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The many rewards of sourdough bread making

Updated: Nov 18, 2020

Although it always starts with the goal of making tasty food, the benefits of sourdough bread making expand way beyond the nutritional and health aspects. I reflected on my own experience over the last few years, and listed in this article a few of these values.


Going back to the roots


In a world that's all about the latest technology, it's important to give ourselves some time away from the screen and create something with your own hands. Bread making allows us to reconnect with a tradition that started over ten thousand years ago in the Middle East. The process of making sourdough requires very few tools besides an oven. Creating a beautiful elaborate and delicious loaf of bread from simple ingredients (flour and water) provides a deep sense of accomplishment and pride. Just look at the amazing number of pictures people post on social media about their bread!


Experiment

The process of "reading" the dough and judging for readiness develops the sense of observation. Understanding the influence of external parameters such as temperature to the fermentation process triggers the need to experiment, not unlike a science project. As a home bread maker, I tend to try out variations of some parameters of my favorite recipe each time I bake, write down the results on a diary and make adjustments as needed. Overtime, this process has turned for me into an open-ended pursuit for the design of the "perfect loaf", the definition of which has evolved from airy crumb to nutritious to a combination of both.


Test your resilience


In the sourdough process, the bacteria do most of the work of transforming the initial mix of flour and water into airy dough. However they are on their own schedule, and will not rush because you tell them to. One of the key factor for a great airy crumb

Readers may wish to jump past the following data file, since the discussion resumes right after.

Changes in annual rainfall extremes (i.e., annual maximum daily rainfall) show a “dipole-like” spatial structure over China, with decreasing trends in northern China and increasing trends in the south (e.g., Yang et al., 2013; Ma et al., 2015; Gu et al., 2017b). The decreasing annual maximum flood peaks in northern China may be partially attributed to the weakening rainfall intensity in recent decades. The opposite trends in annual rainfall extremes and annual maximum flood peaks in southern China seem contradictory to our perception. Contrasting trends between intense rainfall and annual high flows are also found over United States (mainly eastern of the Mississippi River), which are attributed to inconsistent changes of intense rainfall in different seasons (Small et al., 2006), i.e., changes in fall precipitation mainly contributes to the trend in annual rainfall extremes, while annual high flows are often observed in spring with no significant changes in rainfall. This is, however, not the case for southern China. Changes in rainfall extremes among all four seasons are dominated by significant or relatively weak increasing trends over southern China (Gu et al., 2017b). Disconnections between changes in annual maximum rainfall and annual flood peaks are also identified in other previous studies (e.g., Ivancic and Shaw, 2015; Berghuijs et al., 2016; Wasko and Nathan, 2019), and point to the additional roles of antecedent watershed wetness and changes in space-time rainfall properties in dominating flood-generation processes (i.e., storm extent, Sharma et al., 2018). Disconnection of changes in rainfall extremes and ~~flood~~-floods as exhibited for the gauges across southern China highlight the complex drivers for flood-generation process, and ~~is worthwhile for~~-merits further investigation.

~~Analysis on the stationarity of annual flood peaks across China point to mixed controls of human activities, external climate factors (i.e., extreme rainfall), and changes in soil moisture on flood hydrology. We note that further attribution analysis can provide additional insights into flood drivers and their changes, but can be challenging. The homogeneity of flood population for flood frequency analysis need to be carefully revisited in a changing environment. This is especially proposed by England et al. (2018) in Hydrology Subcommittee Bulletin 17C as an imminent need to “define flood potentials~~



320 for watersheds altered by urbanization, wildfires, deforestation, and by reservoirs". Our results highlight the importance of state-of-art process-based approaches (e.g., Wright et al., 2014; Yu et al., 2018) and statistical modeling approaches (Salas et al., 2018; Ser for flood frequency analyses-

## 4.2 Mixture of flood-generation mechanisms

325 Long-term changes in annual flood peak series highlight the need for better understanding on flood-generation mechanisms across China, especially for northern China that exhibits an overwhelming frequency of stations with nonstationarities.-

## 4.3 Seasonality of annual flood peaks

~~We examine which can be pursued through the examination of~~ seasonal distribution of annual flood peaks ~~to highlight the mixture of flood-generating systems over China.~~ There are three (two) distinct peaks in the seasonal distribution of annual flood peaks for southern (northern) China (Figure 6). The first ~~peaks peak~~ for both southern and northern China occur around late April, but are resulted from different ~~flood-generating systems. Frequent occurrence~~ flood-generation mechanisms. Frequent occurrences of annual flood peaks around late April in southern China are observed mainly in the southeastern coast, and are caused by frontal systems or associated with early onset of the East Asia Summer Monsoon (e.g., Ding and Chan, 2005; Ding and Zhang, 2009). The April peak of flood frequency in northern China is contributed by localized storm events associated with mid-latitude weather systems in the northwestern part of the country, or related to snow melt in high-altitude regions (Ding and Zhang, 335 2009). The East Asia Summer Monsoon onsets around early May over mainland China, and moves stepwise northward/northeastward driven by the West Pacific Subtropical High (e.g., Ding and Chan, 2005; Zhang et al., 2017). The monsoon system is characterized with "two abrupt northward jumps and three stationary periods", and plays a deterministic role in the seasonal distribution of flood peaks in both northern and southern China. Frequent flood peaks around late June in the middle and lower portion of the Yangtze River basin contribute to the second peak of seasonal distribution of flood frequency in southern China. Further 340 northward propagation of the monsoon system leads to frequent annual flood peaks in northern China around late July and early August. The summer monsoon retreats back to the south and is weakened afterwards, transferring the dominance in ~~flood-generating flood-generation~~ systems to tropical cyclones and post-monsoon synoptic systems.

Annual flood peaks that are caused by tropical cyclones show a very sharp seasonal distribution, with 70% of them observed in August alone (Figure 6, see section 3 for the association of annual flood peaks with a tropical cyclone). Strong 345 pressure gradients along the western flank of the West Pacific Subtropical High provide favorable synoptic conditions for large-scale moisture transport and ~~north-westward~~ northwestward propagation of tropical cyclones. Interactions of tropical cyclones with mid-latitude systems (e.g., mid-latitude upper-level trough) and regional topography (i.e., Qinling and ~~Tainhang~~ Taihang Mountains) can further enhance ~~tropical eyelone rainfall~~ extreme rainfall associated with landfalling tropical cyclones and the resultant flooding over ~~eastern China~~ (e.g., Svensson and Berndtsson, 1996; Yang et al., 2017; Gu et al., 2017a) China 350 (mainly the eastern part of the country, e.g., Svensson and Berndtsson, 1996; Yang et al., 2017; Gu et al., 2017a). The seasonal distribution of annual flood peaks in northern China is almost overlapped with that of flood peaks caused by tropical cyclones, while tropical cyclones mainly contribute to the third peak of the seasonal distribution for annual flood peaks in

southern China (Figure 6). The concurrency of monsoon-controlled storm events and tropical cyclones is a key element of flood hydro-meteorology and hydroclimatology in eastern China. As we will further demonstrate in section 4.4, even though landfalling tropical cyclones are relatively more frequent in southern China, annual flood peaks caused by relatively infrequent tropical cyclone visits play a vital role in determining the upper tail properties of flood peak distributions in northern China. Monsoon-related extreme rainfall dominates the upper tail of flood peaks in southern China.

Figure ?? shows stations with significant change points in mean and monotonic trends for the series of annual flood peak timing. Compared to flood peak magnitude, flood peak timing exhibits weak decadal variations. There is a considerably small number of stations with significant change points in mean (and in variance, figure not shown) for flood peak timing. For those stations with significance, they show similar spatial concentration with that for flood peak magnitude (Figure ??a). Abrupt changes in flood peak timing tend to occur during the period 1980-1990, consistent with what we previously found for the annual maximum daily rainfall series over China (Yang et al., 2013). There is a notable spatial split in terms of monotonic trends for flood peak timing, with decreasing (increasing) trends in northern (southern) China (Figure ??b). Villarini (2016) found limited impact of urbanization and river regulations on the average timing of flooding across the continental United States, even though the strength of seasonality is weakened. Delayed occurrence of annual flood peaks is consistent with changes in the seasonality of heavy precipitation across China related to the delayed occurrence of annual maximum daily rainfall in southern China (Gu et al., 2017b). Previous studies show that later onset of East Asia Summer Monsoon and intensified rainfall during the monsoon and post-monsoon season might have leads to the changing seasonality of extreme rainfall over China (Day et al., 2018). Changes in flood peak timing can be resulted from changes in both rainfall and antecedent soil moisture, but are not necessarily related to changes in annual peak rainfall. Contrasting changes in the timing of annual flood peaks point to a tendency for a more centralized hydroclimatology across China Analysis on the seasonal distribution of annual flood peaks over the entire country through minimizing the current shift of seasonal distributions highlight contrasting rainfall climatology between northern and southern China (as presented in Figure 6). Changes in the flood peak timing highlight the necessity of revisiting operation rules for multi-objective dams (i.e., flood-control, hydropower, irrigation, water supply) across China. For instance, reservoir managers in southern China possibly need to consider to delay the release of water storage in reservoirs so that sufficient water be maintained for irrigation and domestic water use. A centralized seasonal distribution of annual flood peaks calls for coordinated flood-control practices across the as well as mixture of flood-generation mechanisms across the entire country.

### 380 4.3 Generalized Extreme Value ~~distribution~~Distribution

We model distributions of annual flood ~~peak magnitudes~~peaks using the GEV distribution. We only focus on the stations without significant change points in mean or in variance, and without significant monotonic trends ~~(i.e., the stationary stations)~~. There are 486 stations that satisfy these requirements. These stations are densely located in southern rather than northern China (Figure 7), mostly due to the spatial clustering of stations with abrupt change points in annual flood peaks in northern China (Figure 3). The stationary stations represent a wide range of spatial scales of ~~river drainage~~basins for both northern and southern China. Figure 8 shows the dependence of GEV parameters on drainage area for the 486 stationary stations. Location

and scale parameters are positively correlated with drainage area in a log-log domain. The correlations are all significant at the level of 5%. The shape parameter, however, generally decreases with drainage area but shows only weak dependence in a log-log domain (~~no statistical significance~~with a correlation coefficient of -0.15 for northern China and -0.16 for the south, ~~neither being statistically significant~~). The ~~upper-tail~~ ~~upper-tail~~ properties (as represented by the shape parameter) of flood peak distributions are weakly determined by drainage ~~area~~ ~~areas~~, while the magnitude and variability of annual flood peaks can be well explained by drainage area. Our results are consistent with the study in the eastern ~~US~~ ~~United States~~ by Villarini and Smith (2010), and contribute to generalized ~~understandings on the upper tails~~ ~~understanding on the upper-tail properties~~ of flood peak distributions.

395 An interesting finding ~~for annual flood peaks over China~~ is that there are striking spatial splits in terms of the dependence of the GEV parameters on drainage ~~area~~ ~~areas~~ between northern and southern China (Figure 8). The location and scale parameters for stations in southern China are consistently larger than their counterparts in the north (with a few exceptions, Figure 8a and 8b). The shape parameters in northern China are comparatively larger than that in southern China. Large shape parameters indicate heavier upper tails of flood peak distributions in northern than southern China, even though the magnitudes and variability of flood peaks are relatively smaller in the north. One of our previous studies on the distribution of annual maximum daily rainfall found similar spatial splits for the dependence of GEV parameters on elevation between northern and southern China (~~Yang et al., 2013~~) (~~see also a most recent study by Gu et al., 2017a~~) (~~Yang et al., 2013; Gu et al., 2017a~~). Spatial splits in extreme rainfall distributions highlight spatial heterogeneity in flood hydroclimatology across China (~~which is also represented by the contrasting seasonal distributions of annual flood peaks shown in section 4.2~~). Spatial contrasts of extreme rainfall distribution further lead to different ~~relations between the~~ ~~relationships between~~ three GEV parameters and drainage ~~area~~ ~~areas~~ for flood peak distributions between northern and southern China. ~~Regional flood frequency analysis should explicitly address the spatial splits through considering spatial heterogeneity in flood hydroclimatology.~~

is a SLOW fermentation. Learning how to wait patiently for the right timing and adjust your schedule based on the stage of the dough (and not the other way around) teaches resilience. I learned it the hard way a number of times, by just deciding the dough looks "good enough" and often ended up with a less than stellar loaf. The slow process has an added benefit: sourdough bread is much easier to digest.


Develop your creativity


Since there are so many variations that defines a loaf of sourdough, the process is an invitation to develop your creativity. Any loaf of bread can become a work of art. From the simple task of scoring the dough before baking, some can draw really elaborate and beautiful patterns on the crust. Creativity can also be reflected on the shape of the loaf, from a round boule, to elongated batard, traditional baguette, fougasse, ficelle. Next, comes the types of flours, from whole wheat to rye, adding in toppings and flavorful ingredients, from simple roasted sesame and poppy seeds, to walnut, olives and rosemary. Adding butter and milk opens up the door to brioches. The possibilities are endless!


Sourdough baking is a very rewarding, hands on process, that can develop your sense pf observation, resilience and creativity. If you want to get started, take a look at our list of classes.

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